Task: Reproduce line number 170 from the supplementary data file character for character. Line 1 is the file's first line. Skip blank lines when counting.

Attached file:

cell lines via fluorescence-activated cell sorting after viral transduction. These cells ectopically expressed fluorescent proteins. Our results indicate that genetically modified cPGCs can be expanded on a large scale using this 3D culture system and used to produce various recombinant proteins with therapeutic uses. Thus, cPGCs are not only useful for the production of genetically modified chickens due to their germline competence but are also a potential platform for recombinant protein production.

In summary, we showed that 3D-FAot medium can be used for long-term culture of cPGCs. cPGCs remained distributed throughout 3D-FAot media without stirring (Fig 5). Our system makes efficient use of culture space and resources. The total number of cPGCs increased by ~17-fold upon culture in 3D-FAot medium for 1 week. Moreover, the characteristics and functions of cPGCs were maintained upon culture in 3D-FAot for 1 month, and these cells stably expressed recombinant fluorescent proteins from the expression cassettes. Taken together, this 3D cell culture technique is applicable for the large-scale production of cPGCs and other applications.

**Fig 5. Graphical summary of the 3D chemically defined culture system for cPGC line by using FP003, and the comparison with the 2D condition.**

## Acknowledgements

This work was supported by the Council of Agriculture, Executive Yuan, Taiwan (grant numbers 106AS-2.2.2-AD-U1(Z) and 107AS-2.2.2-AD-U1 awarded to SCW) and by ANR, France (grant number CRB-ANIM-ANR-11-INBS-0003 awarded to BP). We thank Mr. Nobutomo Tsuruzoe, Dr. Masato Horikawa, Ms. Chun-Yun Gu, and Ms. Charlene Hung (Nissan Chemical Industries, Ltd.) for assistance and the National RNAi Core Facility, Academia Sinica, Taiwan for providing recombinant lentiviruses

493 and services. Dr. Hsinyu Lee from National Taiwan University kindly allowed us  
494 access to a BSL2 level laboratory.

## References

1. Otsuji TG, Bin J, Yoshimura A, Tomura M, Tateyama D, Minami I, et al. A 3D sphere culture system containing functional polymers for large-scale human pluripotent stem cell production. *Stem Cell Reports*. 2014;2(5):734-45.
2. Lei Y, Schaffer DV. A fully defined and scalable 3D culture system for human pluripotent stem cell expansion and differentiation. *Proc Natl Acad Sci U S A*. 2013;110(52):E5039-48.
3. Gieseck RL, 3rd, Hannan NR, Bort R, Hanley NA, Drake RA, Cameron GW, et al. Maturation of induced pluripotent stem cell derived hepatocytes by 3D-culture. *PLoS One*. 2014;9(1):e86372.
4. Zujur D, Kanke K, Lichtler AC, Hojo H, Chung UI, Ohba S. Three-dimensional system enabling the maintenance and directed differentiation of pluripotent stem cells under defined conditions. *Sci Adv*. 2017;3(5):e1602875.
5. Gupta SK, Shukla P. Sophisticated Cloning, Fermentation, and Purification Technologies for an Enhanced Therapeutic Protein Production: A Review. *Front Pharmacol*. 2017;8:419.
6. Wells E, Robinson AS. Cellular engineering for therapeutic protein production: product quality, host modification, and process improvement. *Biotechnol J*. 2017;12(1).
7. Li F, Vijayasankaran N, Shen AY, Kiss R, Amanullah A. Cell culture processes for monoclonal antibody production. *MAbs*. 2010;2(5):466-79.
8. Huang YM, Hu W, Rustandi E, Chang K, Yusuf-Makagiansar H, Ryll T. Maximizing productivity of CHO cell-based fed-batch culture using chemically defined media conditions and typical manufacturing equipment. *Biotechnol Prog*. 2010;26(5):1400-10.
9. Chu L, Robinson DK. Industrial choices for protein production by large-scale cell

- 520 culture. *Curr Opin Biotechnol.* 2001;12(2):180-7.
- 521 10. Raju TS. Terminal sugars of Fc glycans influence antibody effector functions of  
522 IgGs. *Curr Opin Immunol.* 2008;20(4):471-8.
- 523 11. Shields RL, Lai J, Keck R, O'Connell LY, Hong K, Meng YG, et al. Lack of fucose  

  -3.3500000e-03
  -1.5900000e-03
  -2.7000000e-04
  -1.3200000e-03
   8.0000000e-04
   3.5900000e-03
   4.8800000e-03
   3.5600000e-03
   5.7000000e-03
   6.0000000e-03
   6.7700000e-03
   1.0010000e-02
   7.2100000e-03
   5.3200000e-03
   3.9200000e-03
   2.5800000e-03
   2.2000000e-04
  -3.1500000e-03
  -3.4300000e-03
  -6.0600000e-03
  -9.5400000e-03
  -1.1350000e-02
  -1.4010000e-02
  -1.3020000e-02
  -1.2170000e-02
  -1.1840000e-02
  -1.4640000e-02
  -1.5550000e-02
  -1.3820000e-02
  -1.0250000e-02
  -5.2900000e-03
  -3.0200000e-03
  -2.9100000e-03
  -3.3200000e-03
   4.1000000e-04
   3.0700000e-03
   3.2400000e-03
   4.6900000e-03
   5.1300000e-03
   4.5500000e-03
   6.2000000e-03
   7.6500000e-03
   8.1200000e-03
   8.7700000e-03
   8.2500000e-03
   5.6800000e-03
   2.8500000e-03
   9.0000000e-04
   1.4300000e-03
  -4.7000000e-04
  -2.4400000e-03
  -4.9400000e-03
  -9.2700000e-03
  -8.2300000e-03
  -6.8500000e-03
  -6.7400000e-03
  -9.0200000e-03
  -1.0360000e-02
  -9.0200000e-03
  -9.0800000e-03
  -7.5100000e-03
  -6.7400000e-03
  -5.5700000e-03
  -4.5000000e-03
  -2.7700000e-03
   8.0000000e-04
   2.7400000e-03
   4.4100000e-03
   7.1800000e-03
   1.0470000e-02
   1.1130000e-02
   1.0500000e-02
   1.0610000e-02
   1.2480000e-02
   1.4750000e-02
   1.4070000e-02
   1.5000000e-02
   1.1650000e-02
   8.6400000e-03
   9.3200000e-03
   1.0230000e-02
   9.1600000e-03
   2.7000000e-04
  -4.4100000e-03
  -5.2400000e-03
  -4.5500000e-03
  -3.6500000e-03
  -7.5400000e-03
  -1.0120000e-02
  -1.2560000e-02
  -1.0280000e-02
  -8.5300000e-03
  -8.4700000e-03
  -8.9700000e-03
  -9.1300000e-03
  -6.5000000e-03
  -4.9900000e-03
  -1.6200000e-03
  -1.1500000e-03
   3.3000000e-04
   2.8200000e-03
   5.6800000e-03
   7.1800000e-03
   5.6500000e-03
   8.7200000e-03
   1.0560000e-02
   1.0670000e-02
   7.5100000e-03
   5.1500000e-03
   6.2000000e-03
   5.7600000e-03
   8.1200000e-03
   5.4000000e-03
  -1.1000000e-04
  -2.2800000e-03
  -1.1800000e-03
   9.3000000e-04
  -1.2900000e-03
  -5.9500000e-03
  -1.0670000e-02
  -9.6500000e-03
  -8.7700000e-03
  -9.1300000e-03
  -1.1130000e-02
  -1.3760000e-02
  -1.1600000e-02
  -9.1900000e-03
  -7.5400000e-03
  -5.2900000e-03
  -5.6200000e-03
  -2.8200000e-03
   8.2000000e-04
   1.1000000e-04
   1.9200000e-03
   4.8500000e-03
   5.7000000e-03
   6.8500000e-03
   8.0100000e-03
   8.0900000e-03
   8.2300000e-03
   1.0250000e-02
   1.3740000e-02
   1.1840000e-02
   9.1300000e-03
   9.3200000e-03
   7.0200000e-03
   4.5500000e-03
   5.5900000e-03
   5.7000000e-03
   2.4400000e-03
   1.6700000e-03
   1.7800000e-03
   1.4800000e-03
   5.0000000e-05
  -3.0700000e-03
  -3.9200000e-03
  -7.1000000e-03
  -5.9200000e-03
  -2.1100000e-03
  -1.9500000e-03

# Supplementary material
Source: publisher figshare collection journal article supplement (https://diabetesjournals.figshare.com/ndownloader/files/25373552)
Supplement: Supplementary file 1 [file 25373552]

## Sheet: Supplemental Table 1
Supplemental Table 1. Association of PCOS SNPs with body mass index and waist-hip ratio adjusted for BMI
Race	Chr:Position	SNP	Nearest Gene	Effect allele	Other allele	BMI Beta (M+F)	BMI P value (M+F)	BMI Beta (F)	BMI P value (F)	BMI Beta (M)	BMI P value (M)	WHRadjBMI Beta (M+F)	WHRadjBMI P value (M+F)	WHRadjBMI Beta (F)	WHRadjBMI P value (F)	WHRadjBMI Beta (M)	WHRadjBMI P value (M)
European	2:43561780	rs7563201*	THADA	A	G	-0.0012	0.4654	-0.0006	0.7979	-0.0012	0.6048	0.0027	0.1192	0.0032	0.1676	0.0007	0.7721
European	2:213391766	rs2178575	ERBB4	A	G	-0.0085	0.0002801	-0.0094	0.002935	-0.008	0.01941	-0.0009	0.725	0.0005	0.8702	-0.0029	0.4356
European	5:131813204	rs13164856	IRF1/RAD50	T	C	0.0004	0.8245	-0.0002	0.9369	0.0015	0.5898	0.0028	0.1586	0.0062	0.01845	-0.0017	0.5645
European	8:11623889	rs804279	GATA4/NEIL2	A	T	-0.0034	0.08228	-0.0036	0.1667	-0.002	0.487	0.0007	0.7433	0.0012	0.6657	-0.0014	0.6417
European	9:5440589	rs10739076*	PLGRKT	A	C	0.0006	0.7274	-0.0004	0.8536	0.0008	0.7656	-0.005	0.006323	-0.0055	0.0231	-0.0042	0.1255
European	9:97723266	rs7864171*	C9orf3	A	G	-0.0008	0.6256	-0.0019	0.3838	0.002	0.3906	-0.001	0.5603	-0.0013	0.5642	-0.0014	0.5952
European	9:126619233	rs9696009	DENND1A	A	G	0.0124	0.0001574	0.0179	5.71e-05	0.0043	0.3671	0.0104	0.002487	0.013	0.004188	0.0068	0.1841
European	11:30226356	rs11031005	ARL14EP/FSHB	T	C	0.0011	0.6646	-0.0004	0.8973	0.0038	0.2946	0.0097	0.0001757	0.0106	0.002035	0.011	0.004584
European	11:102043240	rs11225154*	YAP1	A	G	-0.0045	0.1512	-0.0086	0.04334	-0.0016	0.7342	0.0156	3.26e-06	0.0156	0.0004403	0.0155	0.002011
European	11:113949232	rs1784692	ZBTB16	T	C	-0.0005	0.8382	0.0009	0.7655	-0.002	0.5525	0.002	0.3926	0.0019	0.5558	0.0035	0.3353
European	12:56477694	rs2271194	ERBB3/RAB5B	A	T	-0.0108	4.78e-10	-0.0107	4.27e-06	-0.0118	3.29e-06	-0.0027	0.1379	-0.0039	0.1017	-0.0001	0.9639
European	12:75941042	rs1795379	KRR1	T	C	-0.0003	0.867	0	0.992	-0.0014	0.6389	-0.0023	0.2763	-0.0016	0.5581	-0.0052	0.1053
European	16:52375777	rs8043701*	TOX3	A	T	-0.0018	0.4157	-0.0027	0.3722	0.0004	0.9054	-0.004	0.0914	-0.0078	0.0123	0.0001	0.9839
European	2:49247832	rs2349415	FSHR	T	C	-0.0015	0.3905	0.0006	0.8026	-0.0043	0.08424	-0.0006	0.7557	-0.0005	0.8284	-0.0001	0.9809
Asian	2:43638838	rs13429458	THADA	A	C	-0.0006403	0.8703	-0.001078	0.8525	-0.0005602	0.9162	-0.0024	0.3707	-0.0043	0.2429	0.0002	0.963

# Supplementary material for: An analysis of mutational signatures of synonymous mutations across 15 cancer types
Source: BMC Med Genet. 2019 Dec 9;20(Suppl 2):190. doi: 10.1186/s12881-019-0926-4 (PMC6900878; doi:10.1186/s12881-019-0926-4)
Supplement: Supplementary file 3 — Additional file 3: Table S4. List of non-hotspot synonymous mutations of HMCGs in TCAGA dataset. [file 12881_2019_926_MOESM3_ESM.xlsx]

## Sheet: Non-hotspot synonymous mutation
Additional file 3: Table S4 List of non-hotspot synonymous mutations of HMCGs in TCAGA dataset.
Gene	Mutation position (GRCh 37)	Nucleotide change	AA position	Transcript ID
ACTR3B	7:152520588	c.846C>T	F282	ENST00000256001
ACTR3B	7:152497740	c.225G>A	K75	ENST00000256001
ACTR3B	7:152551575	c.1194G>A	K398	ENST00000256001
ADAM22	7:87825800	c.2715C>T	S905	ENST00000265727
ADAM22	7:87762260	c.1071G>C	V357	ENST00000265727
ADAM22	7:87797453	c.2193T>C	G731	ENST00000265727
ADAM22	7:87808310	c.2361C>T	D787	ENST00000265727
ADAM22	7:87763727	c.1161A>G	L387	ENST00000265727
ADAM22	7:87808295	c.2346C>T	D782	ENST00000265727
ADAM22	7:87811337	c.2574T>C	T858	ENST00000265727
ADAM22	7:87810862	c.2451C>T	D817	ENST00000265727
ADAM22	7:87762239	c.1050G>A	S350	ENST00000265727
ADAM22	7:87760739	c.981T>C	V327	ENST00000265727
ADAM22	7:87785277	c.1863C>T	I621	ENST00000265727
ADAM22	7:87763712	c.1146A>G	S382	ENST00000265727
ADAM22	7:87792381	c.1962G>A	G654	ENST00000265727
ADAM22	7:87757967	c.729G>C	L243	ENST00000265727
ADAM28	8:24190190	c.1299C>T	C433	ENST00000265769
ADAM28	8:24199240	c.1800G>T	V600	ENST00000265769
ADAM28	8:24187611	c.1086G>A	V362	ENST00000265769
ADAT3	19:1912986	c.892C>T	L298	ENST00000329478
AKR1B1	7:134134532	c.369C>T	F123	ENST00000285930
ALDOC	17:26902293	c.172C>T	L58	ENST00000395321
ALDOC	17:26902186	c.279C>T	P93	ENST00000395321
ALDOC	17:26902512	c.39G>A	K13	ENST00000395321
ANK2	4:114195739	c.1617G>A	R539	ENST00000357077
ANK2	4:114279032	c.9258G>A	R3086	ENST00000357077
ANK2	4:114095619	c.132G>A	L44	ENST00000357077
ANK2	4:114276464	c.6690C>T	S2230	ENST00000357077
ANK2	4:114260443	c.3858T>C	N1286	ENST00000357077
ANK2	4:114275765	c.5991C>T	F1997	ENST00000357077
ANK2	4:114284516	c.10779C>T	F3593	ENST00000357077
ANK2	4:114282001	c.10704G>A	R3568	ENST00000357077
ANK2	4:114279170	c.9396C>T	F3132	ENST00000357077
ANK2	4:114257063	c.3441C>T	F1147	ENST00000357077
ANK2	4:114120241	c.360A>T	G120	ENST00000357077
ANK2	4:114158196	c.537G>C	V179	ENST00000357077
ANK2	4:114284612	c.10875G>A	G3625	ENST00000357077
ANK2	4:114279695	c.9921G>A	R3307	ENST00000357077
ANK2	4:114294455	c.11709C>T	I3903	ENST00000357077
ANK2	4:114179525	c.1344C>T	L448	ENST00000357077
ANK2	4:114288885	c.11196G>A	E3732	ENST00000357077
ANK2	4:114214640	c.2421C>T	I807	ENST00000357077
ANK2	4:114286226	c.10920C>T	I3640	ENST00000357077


   5.7000000e-03